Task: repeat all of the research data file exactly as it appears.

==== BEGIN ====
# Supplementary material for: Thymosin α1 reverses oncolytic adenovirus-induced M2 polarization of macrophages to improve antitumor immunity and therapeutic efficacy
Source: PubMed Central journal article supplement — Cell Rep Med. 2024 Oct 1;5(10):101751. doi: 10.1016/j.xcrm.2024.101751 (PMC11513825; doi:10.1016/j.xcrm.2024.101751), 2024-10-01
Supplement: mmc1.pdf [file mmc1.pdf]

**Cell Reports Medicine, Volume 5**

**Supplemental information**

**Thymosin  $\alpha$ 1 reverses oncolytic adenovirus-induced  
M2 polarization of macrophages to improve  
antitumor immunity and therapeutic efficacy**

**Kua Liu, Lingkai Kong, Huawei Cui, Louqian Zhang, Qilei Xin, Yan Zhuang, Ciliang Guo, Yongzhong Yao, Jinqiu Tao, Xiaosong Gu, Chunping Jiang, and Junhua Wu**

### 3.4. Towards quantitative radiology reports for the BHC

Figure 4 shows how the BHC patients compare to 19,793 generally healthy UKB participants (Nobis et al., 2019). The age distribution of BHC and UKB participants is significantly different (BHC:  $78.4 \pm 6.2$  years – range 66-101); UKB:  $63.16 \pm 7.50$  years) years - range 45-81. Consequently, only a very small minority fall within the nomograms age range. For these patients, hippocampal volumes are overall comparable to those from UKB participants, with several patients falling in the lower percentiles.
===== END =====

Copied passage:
# Supplementary material for: Thymosin α1 reverses oncolytic adenovirus-induced M2 polarization of macrophages to improve antitumor immunity and therapeutic efficacy
Source: PubMed Central journal article supplement — Cell Rep Med. 2024 Oct 1;5(10):101751. doi: 10.1016/j.xcrm.2024.101751 (PMC11513825; doi:10.1016/j.xcrm.2024.101751), 2024-10-01
Supplement: mmc1.pdf [file mmc1.pdf]

**Cell Reports Medicine, Volume 5**

**Supplemental information**

**Thymosin  $\alpha$ 1 reverses oncolytic adenovirus-induced  
M2 polarization of macrophages to improve  
antitumor immunity and therapeutic efficacy**

**Kua Liu, Lingkai Kong, Huawei Cui, Louqian Zhang, Qilei Xin, Yan Zhuang, Ciliang Guo, Yongzhong Yao, Jinqiu Tao, Xiaosong Gu, Chunping Jiang, and Junhua Wu**

### 3.4. Towards quantitative radiology reports for the BHC

Figure 4 shows how the BHC patients compare to 19,793 generally healthy UKB participants (Nobis et al., 2019). The age distribution of BHC and UKB participants is significantly different (BHC:  $78.4 \pm 6.2$  years – range 66-101); UKB:  $63.16 \pm 7.50$  years) years - range 45-81. Consequently, only a very small minority fall within the nomograms age range. For these patients, hippocampal volumes are overall comparable to those from UKB participants, with several patients falling in the lower percentiles.